People who froze their credit files before September may notice some changes when the time comes to thaw the files.

As of Sept. 21, a new law requires that the three major credit reporting bureaus — Equifax, Experian and Trans- Union — allow consumers to place or lift a security freeze on their credit files without charge. Freezing means lenders can’t check your credit file unless you “thaw” the freeze, preventing criminals from opening credit cards or borrowing money in your name. Consumer advocates recommend a freeze at all three bureaus as a way to thwart identity thieves. 

People who had already established security freezes, and now want to thaw them to apply for a loan or credit card, will see a difference. With the new law taking effect, two bureaus — Equifax and TransUnion — abandoned the use of personal identification numbers, or PINs, to manage freezes online. (PINs are still needed, though, if you want to lift a freeze by calling on the phone.)

Equifax, which suffered a major data breach last year, changed its approach on Sept. 19 in response to “consumer feedback,” said spokeswoman Nancy Bistritz-Balkan. (Consumers had complained after the breach that the PINs issued by Equifax weren’t generated in a secure way.) Now, instead of issuing PINs, Equifax has consumers establish a password-protected online account.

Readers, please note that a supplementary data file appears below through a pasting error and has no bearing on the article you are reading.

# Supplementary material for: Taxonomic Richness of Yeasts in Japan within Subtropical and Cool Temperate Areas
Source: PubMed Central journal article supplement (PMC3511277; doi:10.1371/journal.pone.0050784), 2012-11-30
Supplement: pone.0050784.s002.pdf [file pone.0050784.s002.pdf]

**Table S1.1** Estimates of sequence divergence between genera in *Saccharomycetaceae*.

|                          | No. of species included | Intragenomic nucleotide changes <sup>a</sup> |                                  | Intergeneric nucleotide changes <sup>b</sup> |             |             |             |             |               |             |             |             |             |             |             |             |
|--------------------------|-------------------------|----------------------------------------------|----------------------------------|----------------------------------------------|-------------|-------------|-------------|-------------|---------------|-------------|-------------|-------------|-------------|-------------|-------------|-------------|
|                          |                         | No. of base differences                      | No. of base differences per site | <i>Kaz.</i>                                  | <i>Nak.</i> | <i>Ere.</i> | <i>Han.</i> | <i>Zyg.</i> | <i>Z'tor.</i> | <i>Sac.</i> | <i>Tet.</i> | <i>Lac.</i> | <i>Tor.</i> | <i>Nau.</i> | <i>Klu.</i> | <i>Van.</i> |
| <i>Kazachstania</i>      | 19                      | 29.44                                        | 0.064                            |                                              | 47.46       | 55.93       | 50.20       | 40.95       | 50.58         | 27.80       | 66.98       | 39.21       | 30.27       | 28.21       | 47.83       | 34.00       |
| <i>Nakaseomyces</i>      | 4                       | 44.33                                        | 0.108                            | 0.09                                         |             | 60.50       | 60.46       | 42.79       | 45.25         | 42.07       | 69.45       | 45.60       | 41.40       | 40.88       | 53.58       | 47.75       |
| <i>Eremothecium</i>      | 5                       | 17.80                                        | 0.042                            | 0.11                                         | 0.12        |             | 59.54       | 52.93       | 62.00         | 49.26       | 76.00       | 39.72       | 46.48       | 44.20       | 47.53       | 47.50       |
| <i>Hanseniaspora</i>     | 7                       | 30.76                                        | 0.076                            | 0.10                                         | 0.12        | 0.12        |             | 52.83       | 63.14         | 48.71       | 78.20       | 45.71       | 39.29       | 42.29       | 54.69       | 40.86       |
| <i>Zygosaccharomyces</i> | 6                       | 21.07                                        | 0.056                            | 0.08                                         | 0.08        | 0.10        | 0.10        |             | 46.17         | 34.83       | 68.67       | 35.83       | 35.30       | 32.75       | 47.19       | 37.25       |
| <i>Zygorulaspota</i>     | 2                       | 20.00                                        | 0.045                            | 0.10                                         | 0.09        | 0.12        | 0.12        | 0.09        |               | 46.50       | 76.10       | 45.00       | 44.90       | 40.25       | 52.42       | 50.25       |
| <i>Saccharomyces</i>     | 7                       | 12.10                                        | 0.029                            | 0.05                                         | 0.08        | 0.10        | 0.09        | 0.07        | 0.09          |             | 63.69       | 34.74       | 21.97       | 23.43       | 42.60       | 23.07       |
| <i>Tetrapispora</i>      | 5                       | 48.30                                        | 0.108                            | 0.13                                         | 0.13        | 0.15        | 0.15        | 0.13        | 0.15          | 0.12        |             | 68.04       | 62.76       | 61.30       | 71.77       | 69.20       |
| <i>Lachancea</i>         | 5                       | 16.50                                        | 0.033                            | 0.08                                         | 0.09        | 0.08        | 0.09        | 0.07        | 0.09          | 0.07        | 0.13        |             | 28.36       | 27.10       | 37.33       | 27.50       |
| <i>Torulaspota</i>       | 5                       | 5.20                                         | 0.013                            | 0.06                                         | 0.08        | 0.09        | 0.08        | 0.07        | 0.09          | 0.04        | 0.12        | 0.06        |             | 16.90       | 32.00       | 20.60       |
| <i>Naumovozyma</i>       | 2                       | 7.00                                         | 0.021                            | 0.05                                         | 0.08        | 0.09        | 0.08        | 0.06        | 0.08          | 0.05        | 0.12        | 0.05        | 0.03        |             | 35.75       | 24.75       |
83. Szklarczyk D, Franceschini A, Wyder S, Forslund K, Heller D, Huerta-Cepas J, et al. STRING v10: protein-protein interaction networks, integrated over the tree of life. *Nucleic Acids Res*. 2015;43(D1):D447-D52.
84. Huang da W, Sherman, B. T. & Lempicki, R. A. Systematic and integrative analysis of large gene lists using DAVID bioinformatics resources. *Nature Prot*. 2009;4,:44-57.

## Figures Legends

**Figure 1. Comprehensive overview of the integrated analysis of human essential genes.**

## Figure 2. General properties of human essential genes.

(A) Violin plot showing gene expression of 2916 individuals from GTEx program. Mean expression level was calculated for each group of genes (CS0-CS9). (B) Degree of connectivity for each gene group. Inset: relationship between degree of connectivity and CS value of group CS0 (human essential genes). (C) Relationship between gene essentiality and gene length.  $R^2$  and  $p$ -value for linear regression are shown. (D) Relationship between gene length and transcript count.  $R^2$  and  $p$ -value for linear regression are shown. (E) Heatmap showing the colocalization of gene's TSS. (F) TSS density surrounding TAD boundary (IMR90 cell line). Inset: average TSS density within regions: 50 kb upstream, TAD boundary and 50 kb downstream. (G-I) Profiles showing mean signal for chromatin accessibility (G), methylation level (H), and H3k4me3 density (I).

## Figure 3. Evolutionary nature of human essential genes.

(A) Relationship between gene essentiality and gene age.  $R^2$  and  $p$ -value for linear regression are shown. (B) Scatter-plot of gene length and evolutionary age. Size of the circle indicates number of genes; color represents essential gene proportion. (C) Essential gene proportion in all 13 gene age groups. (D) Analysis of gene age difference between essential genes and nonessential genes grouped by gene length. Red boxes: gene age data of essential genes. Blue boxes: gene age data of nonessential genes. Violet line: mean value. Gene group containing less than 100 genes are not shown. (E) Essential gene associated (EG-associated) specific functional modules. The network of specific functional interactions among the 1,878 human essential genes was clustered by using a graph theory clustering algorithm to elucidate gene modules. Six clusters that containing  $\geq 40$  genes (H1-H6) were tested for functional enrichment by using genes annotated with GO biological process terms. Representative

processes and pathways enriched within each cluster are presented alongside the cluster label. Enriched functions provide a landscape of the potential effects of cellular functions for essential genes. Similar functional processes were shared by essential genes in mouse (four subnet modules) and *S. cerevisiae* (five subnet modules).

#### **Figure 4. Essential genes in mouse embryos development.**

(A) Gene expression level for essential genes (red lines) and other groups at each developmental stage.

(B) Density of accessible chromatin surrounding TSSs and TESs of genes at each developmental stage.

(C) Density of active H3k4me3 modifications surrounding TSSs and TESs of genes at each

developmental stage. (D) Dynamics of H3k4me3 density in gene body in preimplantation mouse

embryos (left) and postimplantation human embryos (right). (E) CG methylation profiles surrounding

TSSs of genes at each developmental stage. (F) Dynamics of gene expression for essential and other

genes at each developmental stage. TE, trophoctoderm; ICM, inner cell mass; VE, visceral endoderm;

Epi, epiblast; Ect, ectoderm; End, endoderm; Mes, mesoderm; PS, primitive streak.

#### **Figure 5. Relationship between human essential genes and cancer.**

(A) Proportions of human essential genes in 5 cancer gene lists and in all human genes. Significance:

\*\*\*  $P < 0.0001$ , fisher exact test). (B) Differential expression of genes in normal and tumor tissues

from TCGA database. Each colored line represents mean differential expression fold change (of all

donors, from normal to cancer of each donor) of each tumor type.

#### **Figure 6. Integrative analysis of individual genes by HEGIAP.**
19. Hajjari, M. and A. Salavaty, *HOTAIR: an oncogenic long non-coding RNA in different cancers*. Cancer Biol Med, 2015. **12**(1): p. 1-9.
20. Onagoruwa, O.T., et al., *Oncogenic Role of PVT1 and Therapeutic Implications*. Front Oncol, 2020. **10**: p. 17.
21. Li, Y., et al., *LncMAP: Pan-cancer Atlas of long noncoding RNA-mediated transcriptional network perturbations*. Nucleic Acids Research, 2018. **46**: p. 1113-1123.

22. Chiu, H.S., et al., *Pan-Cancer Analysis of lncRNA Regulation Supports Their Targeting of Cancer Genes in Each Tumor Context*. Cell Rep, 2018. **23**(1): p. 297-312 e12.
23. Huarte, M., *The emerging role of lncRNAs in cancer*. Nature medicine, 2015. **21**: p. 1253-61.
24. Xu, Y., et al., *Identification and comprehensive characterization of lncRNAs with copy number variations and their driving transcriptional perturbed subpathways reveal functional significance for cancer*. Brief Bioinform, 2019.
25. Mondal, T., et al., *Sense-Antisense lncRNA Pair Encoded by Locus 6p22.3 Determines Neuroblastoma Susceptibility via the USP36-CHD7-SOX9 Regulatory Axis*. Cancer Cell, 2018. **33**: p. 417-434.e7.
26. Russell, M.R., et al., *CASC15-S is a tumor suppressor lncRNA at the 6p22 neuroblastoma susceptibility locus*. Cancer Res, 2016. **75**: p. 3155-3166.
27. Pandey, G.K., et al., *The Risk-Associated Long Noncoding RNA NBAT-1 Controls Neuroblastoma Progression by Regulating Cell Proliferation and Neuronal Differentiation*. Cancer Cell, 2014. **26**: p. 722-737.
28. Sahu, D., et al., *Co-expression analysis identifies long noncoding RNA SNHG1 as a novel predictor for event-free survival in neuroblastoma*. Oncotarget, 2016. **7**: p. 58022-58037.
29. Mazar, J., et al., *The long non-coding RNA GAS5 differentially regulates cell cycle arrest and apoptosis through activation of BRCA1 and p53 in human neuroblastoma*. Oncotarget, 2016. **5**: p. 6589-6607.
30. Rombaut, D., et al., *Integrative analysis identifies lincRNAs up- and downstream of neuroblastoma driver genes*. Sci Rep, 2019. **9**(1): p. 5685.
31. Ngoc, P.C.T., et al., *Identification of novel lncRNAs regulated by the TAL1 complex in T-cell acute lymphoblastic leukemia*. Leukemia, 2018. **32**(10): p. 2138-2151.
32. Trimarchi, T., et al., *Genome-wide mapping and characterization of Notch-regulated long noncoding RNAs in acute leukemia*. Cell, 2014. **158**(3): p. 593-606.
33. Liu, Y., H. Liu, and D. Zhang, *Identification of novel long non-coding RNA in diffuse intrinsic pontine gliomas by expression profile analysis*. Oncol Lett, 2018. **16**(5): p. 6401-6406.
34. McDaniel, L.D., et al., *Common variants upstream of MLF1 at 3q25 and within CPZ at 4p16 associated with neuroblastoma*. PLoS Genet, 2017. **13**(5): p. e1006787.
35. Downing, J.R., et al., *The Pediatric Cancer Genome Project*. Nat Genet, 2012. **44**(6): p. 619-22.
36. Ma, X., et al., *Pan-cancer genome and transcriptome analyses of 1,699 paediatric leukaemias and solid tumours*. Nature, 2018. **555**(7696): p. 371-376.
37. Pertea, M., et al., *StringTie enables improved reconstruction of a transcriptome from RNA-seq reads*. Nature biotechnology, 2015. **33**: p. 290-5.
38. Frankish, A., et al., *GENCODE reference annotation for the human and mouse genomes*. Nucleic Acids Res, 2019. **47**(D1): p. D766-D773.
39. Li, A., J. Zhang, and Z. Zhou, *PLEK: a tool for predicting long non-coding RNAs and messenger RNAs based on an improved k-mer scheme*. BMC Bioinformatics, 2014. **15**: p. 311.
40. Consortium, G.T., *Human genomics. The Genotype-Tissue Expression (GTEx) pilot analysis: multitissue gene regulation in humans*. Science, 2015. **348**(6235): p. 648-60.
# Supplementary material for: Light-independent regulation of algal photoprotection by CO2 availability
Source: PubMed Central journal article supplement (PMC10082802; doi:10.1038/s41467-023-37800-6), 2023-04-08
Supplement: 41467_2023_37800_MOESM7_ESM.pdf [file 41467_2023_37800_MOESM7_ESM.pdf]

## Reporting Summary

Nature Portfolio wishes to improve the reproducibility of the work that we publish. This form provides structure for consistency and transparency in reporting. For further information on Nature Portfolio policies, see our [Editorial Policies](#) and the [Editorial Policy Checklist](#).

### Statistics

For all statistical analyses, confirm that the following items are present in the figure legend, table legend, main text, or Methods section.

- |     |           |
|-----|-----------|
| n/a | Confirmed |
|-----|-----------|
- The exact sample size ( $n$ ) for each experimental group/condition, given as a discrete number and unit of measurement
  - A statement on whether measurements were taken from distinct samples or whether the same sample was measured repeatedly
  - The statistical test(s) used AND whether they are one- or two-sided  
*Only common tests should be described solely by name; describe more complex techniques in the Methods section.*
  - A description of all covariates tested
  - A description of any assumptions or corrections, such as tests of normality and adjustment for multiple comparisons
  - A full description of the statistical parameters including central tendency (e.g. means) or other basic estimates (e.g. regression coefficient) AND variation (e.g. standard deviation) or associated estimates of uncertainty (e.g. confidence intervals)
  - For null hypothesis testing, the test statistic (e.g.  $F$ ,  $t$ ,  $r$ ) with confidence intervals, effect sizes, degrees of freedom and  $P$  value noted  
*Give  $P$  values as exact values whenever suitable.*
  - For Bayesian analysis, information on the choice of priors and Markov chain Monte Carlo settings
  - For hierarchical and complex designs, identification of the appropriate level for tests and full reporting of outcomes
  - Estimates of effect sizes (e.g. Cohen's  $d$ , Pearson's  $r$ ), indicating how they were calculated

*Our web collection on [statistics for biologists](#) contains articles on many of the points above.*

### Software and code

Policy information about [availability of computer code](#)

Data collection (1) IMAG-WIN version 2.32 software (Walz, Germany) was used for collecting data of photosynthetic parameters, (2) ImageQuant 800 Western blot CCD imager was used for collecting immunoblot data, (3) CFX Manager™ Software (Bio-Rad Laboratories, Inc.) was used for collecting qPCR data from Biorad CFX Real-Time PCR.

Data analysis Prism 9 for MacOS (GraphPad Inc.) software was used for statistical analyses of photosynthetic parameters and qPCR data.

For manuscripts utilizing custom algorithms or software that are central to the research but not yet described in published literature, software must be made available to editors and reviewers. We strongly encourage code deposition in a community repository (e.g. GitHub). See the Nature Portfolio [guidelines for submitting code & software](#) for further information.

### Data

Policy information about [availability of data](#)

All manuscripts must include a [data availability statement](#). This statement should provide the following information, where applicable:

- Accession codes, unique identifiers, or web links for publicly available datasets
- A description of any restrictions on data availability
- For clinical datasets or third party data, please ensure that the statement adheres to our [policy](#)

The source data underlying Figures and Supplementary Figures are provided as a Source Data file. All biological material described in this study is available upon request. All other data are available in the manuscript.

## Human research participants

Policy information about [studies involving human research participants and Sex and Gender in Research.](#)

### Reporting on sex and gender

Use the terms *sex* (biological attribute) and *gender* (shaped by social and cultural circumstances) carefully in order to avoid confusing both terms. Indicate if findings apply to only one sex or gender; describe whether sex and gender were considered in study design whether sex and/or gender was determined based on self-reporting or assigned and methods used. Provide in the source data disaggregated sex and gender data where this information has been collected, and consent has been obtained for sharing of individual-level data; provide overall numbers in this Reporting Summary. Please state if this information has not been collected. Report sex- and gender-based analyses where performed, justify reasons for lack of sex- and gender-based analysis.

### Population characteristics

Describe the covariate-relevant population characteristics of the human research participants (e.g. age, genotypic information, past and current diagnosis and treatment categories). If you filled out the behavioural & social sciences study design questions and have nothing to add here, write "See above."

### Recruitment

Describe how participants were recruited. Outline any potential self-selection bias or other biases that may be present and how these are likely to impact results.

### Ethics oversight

People who had placed a freeze at Equifax under the old system don’t need to do anything to re-establish it, Bistritz-Balkan said. Their credit file remains on ice.

But if consumers want to suspend or lift the freeze at Equifax online, they must now create a “myEquifax” account by entering personal information including a Social Security number and a birth date. Their e-mail address serves as their user name; they create their own password, using Equifax’s criteria. And Equifax has added extra security steps, such as sending a one-time code to your phone or e-mail to activate the account. (The steps vary by consumer.)

Once users are logged on, Bistritz-Balkan said, they may suspend or remove their freeze. The new process, she said, is intended to “establish, verify and authenticate that the consumer’s identity is connected to the consumer every time.”

TransUnion had already required consumers to have an account with a user name and a password, as well as a PIN. Now, users can log on to a computer or app using those credentials, to lift or suspend a freeze — no PIN needed, according to its website. Bob Skwarek, a TransUnion spokesman, said in an e-mail that consumers complete a “stringent” authentication process when they sign up for an account to freeze their credit.

“Only users who can verify that they are who they say they are can create a user name and password to log in, create and manage a freeze,” Skwarek said.

The third bureau, Experian, still requires a PIN to lift a freeze.

“We’ve kept this in place as it provides a level of security that the consumer has control over,” a spokesman said.

To lift a freeze, consumers enter personal details on Experian’s website as well as their PIN. If consumers lose their PIN they can complete an online process to get a new one.


Ann Carrns writes for the New York Times.